Published: 13:25, 11 February 2019
| Updated: 13:27, 11 February 2019
Councillors had been close to signing a deal to launch a ferry service with beleaguered Seaborne Freight a year ago before the government's botched attempt to give the firm a £13.8 million contract.
It has emerged Thanet District Council was close to agreeing terms with the firm to run boats from Ramsgate to Ostend in early 2018 - but pulled out amid concerns over the company's finances.
The revelation comes after the government was forced to embarrassingly cancel plans to give the company a contract to run services as part of its no-deal Brexit plans after a string of unwanted headlines about the business.
It emerged the firm had no ships and had never run ferry services shortly after news of Transport Secretary Chris Grayling announced its successful bid.
It also appeared to have the terms and conditions of a takeaway business on its website.
Thanet council's proposed deal with Seaborne Freight foundered when the company declined a contract which required it to pay port berthing fees and other costs in advance.
The government is facing criticism after it scrapped the £13.8m contract after one of the company’s chief investors had backed away.
Now it has emerged that Thanet council had sought safeguards when it was in negotiations with the company about starting up a regular freight service from Ramsgate.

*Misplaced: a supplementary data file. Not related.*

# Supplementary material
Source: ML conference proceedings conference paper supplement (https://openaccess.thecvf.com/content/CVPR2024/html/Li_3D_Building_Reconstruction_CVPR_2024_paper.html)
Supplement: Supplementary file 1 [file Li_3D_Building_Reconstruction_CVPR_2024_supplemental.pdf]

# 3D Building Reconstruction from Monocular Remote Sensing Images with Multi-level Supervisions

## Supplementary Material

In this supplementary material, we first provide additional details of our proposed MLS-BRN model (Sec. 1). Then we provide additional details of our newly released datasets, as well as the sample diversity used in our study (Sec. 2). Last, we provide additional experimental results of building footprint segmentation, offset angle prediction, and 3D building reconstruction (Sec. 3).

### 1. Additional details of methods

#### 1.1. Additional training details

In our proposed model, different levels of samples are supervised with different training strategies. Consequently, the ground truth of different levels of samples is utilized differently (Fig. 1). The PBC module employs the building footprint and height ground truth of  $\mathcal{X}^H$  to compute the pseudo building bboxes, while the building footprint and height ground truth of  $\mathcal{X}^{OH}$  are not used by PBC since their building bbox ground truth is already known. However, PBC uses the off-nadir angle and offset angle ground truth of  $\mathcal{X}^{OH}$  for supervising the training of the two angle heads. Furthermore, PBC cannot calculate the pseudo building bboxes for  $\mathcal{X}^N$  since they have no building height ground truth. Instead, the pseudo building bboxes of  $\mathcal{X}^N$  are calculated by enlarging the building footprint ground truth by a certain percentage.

According to the council leader at the time Chris Wells, there was concern there was a risk the authority could be exposed financially.
The talks were at an advanced stage and had reached a point when contracts were drawn up and prepared for signature.
However, the company wanted a different financial arrangement and the negotiations ended.
According to Cllr Wells, the authority was anxious because of its experience with the ferry company TransEuropa.
It collapsed in 2013 owing the council £3.4m in unpaid berthing fees.
Cllr Wells said the contract had strict terms and conditions around it and was put to Seaborne to sign between Christmas and New Year in 2018.
“It involved up front payments three months in advance because of the combination of a start up without due diligence, and the background of wasted funds in the TransEuropa saga.
"It was not signed because Seaborne claimed it would prefer to sign everything together.”
He said the company had not referred at the time to having the backing of the Irish shipping company Arklow.
The prospect of a ferry service was first mooted in October 2017 when the then Ostend Mayor Johan Vande Lanotte announced discussions were underway with a company about operating a service.
But beyond what was termed “a basic agreement” nothing came to fruition.
Seaborne Freight said it could not comment on either the announcement by the Department for Transport or details of earlier discussions.
More by this authorPaul Francis